Pet overpopulation has been a concern in communities across the globe for decades. Countless organizations and individuals have become dedicated to helping end pet homelessness in their communities, but one thing we often don’t consider is how pet overpopulation also impacts native animal populations.

When a non-native species overtakes an area, it can negatively impact delicate ecosystems through pollution and the spreading of disease. Stray animals usually aren’t vaccinated, leading to the transmission of rabies and other life-threatening diseases to other animal populations. Internal parasites can also be passed along through the feces of an infected animal, threatening native wildlife when the fecal matter contaminates food and water sources.

In addition to issues associated with disease, there is growing concern over the alarming number of wild animals, birds in particular, killed by free-roaming cats and dogs every year. The combination of needing to address both pet overpopulation and wildlife conservation has caused a bit of controversy on how to best handle the issue.

The Impact on Native Animal Populations

Domestic cats, whether stray or free-roaming household pets, are natural predators. Global statistics show cats are responsible for killing billions of birds and small mammals every year, having contributed to the extinction of 33 species worldwide. Dogs have also been linked to the killing of birds and small mammals, as well as larger animals like goats and sheep.

The Humane Society of the United States estimates 30 to 40 million stray and feral cats live in the U.S. Outdoor cats often live in colonies and their temperament can range from socialized to completely feral. Some colonies are completely independent, while others receive assistance from humans who provide food, water and outdoor shelter for the cats.

The Spread of Disease Poses a Threat to Animals – and Humans

On Oahu, the third largest Hawaiian island, the population of stray and feral cats has become overwhelming, reaching numbers of about 300,000 according to a 2013 study by the Hawaiian Humane Society. The amount of fecal matter produced by cats poses a threat by spreading toxoplasmosis, a parasitic disease that can be contracted by animals and humans.  Birds and marine animals, including the endangered Hawaiian monk seal, have fallen victim to this disease after coming into contact with contaminated food and water.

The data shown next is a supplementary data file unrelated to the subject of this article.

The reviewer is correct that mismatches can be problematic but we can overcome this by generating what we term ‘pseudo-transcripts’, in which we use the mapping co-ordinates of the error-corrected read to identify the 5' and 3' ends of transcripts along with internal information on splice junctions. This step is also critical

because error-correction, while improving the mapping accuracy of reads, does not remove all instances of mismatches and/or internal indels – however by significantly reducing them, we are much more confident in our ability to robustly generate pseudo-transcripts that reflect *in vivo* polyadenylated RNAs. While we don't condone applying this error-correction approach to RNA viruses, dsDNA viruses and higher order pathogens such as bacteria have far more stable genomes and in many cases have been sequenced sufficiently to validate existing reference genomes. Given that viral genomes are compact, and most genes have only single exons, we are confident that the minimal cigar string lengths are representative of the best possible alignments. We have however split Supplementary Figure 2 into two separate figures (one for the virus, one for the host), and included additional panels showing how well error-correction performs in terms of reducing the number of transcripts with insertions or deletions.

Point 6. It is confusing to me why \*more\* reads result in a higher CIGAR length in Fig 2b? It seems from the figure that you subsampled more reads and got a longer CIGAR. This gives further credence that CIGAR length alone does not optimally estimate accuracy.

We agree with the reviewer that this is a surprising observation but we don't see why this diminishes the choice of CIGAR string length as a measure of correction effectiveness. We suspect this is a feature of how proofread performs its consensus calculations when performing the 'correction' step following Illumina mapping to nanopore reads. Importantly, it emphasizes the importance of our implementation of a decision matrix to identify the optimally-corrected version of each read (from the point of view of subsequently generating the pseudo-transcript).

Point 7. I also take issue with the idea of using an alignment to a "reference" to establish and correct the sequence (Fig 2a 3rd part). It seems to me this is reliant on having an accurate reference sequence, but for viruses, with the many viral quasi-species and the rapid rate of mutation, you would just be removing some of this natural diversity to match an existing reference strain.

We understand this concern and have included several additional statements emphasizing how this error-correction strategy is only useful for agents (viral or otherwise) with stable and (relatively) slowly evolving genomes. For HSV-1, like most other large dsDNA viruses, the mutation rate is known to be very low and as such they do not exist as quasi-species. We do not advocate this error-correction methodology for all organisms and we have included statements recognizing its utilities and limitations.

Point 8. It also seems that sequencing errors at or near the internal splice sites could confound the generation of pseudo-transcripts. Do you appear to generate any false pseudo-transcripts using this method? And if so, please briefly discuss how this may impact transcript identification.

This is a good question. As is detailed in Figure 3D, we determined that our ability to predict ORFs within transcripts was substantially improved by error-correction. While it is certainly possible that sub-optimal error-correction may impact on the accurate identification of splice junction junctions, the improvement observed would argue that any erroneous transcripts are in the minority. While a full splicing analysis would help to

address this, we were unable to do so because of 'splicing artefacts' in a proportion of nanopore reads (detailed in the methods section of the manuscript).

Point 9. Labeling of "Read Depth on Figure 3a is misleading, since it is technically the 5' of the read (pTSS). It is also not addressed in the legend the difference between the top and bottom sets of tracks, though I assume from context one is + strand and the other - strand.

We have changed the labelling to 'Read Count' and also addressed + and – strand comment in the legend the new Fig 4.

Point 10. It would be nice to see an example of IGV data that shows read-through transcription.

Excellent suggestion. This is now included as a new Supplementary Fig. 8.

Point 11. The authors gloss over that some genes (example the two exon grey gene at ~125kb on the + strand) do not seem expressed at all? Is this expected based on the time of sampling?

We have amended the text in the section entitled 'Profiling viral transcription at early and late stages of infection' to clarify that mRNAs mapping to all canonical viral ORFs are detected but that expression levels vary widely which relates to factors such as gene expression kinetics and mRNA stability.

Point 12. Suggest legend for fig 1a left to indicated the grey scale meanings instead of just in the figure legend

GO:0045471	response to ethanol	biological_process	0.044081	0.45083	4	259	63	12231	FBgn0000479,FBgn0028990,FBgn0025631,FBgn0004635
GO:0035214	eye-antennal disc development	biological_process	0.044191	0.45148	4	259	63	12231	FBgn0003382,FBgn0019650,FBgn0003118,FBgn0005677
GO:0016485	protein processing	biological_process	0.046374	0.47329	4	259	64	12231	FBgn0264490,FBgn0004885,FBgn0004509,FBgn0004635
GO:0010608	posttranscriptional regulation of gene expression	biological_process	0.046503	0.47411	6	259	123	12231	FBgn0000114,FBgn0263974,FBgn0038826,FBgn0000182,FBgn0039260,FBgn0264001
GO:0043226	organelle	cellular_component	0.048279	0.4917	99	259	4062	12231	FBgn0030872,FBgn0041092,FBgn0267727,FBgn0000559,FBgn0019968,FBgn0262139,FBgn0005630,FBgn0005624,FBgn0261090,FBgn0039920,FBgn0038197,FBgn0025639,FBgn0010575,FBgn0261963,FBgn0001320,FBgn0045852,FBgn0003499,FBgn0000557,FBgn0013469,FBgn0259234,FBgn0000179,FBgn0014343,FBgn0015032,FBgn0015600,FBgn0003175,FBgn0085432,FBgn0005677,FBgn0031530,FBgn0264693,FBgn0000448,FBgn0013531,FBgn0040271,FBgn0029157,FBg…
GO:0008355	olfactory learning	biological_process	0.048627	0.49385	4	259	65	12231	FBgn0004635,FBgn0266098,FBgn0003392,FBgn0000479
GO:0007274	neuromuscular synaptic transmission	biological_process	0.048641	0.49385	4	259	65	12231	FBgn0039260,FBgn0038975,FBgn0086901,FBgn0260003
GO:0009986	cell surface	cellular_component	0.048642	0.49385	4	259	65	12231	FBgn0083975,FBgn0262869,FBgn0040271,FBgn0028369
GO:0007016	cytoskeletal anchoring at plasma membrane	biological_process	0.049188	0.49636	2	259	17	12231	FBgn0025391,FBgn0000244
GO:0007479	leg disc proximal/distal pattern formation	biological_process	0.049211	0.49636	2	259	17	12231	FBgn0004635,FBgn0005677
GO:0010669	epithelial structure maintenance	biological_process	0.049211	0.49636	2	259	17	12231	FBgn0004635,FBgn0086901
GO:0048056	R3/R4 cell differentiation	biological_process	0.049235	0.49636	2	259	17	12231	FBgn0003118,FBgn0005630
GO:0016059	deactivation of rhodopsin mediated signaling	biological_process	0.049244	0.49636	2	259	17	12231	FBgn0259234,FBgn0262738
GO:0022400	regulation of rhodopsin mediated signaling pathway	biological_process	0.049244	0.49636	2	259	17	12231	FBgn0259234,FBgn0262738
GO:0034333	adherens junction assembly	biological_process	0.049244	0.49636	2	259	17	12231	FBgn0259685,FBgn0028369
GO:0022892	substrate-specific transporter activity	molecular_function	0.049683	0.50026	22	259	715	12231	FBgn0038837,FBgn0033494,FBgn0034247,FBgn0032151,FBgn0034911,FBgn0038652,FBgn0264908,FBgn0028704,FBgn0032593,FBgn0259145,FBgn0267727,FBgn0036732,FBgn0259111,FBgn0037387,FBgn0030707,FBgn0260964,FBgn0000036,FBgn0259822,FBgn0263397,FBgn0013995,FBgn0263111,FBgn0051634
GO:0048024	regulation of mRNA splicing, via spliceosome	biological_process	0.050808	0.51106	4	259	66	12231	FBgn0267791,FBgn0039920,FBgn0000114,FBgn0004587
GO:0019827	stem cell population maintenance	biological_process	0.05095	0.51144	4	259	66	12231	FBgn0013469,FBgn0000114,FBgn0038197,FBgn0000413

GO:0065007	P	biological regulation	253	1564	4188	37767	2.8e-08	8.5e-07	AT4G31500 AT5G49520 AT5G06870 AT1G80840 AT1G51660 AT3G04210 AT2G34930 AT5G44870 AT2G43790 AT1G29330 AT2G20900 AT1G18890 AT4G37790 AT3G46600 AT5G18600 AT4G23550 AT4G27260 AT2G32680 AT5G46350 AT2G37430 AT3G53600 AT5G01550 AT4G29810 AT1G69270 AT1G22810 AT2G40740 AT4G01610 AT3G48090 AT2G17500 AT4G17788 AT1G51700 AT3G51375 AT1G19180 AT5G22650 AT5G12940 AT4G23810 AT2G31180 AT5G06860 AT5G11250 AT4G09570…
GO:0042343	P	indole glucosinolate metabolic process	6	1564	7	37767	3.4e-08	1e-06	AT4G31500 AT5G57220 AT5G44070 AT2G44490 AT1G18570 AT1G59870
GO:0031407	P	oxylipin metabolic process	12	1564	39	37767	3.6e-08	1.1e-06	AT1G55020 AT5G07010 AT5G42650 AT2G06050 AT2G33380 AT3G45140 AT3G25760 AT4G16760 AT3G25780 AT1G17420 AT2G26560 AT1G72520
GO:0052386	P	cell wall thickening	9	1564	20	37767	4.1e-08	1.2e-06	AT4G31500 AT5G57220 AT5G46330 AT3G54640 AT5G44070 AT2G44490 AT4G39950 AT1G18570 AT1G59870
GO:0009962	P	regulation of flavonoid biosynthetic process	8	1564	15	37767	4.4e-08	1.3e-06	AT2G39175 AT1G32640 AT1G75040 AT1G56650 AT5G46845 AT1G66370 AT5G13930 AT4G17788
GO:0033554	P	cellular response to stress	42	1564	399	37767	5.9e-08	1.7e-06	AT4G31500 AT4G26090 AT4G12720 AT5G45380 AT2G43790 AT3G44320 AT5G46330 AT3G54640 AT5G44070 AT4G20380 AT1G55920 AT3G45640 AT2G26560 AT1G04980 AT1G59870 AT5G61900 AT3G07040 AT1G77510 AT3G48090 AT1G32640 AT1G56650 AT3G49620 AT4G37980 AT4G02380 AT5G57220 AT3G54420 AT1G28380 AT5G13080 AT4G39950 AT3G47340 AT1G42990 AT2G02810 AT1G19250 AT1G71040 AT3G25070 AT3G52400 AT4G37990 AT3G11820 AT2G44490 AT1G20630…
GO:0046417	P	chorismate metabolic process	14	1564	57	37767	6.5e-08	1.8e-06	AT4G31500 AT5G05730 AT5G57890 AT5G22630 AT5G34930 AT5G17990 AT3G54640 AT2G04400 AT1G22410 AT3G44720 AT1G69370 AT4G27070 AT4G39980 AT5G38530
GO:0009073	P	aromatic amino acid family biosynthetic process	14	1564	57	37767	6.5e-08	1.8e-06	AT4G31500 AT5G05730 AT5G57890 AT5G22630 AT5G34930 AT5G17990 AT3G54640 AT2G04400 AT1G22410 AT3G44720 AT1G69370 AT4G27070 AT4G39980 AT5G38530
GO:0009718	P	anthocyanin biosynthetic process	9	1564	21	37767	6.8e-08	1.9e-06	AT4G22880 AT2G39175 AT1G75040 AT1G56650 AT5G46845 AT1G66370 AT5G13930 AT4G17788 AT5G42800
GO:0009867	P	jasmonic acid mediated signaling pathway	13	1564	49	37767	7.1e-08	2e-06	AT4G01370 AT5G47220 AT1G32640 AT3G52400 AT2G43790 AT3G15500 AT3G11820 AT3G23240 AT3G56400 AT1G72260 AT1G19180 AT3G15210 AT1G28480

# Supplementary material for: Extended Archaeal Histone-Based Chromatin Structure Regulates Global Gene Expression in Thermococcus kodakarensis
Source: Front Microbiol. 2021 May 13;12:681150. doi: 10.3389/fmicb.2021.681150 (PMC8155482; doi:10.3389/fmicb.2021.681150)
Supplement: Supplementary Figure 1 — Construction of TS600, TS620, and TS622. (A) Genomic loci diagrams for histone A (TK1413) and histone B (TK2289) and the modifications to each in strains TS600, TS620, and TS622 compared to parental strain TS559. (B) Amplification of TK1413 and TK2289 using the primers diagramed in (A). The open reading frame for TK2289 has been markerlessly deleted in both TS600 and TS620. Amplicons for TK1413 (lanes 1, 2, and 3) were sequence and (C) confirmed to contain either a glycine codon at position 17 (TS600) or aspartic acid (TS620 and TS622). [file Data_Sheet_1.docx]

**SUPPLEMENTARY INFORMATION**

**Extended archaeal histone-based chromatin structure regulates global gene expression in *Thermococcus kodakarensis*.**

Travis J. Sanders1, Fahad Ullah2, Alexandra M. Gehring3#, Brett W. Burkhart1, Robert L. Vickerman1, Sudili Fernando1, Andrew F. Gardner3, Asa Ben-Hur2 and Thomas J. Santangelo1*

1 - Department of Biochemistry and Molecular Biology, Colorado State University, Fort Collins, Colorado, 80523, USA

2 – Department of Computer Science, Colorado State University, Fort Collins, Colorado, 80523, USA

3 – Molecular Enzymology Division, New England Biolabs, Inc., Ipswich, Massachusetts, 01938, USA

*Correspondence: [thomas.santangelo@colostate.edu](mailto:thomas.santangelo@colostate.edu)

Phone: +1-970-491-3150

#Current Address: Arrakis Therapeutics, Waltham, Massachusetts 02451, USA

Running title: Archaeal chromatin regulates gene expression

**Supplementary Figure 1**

India is known its massive population of free-roaming street dogs – about 25 million based on some estimates. Rescues try to help as many dogs as possible, but with numbers that large, it’s hard to keep up. The spread of diseases like parvovirus and rabies pose a risk to dogs and other animals, but humans are also at risk. Over 20,000 people in India die each year of rabies, equaling 36 percent of the world’s rabies deaths. Most of these deaths occur as a result of dog bites.

Spaying and Neutering: An Effective Solution

There are ways to humanely manage free-roaming cat populations, the most effective being “Trap-Neuter-Return” (TNR) programs. Cats are caught in a humane live trap, sterilization surgery is performed and they are returned to their colony. Several organizations across the U.S. are also taking measures to humanely decrease the number of stray and feral dogs roaming the streets.

Stray or feral cats and dogs are not the only cause of concern when it comes to pet overpopulation. Many pet owners don’t realize that neglecting to spay or neuter their pets directly contributes to pet overpopulation, whether through intentional breeding or the creation of “oops” litters.

According to statistics released by the ASPCA, cats can produce up to two litters per year, with an average of four to six kittens per litter. Dogs, on average, produce one litter per year, with an average of four to six puppies per litter. We’re already euthanizing an estimated 2.7 million animals in shelters every year, the majority of which are perfectly healthy. Not spaying or neutering pets only perpetuates the issue of pet overpopulation.

Adoption Helps Homeless Animal Populations

Shelters take in about 3.9 million dogs and 3.4 million cats per year; the number of animals entering as strays is twice that of animals who are surrendered by their owners. There’s no reason to buy a puppy or kitten from a breeder or pet store  when you can find animals of every age and breed through a shelter or rescue organization. By adopting, you save a life by helping one of the millions of animals in need of a home.

How You Can Take Action

  • TNR programs are effective, but they can be costly. Consider donating to an organization that assists with TNR efforts. If you can’t donate, consider volunteering your time to help cats in your community.
  • Help spread the word about the importance of spaying and neutering pets.
  • Don’t allow your pets to freely roam the neighborhood. It not only has a negative impact on other animals and the environment but puts your pet at risk of being injured or killed.

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